U.S., Canadian Machinists are United on Trade

The Machinists Union is raising strong concerns regarding the recently announced direction of the Administration’s trade policy.

“Criticizing Canada’s trade practices does not contribute to improving the lives of our members, who have been so devastated by a trade agenda that favors corporations over workers,” said IAM International President Bob Martinez. “The Administration should be focusing our efforts on stopping China from violating trade rules, not insulting our closest ally.” 

Canadian General Vice President Stan Pickthall echoed these objections.

“In the current environment, with the U.S. President alleging Canada to be a ‘national security threat,’ it is absolutely crucial that we stand together as union Sisters and Brothers across our borders and work together in solidarity. This is even more important where we have industries in common such as aerospace and defense.”

The IAM continues to strongly support efforts to stop China from forcing the transfer of technology and production through tariffs and multilateral actions at the World Trade Organization. The Machinists also continue to support tariffs on dumped steel and aluminum from China.

But Martinez says the IAM is 100 percent opposed to tariffs on Canadian steel and aluminum, or any action that would start a trade war with our friend and ally, Canada.

“Instead of targeting Canada, the Administration should also be focusing its energy on negotiating dramatic changes to NAFTA that will benefit all North American workers,” said Martinez. “Among many other provisions, negotiators must not settle for a labor provision that copies what was proposed in the Trans-Pacific Partnership.”

The IAM is continuing its demand that a renegotiated NAFTA explicitly state that labor standards are defined by conventions adopted by the International Labor Organization, an agency under the United-Nations.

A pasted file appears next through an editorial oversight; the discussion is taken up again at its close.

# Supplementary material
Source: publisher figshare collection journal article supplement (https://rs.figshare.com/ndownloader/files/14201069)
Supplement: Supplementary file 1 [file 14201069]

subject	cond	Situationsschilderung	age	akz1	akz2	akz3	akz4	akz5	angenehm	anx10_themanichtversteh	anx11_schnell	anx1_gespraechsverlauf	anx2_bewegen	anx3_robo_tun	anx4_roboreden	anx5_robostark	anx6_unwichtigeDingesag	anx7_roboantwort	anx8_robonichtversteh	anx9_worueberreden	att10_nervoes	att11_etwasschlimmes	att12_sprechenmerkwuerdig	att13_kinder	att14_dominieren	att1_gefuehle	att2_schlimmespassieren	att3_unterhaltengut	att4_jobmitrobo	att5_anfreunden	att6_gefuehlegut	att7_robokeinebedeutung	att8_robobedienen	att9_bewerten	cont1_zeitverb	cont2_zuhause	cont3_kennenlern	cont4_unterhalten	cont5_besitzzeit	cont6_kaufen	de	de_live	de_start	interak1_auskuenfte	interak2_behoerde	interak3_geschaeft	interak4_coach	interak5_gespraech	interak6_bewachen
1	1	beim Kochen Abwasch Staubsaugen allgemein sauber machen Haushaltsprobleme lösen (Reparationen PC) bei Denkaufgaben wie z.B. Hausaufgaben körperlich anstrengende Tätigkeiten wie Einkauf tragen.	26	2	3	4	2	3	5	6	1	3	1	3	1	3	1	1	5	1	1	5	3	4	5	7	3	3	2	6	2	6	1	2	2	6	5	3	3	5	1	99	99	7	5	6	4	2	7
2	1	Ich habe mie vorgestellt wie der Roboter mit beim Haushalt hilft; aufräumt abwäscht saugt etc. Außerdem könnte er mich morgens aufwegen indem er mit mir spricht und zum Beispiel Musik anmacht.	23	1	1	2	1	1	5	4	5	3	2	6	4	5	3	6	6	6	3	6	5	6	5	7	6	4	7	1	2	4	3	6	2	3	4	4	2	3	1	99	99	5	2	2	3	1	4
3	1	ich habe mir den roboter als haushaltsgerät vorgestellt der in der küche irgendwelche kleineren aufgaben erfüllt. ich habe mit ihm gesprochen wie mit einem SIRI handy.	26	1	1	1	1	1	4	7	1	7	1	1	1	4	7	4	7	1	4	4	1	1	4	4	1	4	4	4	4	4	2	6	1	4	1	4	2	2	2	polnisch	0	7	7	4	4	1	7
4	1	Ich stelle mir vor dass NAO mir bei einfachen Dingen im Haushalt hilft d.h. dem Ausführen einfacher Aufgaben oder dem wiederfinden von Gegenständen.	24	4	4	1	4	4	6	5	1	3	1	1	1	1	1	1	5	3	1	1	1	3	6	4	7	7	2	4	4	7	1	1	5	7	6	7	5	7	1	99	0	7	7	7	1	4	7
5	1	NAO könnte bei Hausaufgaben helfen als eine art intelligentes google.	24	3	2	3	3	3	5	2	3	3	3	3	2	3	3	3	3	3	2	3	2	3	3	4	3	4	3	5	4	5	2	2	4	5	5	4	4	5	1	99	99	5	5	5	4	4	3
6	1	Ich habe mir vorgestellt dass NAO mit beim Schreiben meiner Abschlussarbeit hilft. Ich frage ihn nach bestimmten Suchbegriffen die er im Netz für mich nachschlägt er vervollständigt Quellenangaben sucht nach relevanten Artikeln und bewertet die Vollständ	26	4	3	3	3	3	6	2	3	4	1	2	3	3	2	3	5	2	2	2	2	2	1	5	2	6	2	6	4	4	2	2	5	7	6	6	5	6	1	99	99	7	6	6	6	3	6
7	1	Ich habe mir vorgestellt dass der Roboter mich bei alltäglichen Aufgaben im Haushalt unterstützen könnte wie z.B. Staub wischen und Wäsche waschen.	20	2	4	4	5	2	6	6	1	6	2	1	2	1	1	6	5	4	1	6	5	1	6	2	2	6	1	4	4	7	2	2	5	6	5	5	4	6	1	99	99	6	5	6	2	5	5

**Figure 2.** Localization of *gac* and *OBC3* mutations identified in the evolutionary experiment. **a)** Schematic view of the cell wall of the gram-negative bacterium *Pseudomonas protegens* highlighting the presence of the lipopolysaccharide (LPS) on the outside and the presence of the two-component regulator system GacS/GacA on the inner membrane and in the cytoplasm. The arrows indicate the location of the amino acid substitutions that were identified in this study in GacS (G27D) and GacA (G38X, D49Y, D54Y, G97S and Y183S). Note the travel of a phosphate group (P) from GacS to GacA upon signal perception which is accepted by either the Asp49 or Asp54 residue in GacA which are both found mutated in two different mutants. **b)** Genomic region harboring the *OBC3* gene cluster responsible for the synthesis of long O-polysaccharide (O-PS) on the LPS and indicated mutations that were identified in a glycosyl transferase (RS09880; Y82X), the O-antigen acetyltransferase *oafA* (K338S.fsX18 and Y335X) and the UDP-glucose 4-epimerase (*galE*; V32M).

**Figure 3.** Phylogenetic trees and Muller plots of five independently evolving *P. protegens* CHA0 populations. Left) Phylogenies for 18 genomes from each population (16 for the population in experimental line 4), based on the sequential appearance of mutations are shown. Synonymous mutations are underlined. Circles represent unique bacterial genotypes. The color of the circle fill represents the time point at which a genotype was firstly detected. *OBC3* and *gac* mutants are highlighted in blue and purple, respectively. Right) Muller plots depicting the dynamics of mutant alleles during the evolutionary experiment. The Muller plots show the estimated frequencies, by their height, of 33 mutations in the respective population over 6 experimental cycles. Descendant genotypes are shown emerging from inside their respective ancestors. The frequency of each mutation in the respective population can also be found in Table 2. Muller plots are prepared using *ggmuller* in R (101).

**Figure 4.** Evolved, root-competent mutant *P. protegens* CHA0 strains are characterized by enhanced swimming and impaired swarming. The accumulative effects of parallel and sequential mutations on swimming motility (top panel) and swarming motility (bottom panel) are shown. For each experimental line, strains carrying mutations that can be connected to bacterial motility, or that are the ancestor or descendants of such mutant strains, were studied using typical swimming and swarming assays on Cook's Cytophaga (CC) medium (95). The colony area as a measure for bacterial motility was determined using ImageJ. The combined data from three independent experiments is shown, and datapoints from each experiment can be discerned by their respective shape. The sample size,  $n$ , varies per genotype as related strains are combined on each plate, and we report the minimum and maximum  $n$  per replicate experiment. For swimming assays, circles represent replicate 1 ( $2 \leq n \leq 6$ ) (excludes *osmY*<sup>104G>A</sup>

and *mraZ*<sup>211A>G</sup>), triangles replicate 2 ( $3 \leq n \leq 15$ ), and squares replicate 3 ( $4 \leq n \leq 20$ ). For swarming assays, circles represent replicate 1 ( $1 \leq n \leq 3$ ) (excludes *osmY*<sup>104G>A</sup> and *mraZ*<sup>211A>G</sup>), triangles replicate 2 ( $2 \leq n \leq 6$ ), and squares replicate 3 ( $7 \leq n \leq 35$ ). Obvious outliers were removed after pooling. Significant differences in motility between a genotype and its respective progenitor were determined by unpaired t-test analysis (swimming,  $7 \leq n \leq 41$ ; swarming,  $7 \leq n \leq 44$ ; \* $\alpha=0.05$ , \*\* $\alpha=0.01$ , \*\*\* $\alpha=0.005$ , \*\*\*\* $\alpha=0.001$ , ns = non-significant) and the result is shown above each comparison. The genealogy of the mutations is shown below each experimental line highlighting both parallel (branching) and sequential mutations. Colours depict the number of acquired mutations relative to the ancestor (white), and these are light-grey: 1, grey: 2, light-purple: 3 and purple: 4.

Canada’s proposal most closely reflects this demand. Moreover, Canadian negotiators have it right: so-called right-to-work laws in the U.S. are nothing more than cover for preventing workers to unionize. The IAM continues to urge U.S. negotiators to explicitly include ILO conventions in the proposed labor chapter.

The national security of the U.S. and Canada are dependent on each other. U.S. and Canadian procurement laws must recognize that products made by workers in both countries are essential for the safety and security of our two great nations. Recent legislative amendments regarding Buy American laws, which are supported by the IAM, would not change current waivers for national security, which can be relied on to procure goods from Canada. 

“The IAM also recognizes and supports the critical importance in maintaining the Canada- U.S. Defence Production Sharing Arrangement (DPSA) and the Defence Development Sharing Agreement (DDSA),” said Martinez. “These programs are further proof of our interdependent economic relationship, which is essential for U.S. and Canadian security.”

“It is vitally important that the Canada-U.S. DPSA be maintained to the benefit of workers in both countries,” said Pickthall. “We as the IAM will fight for this arrangement to be continued, and to treat our Canadian Sisters and Brothers equally in bidding this work.”

“Supply chains in manufacturing industries such as aerospace have developed a level of partnership that goes beyond our borders. We will all lose if we persist on this path, which could lead to job losses and a weakening of economic activity in both our countries,” said IAM Quebec Coordinator Dave Chartrand.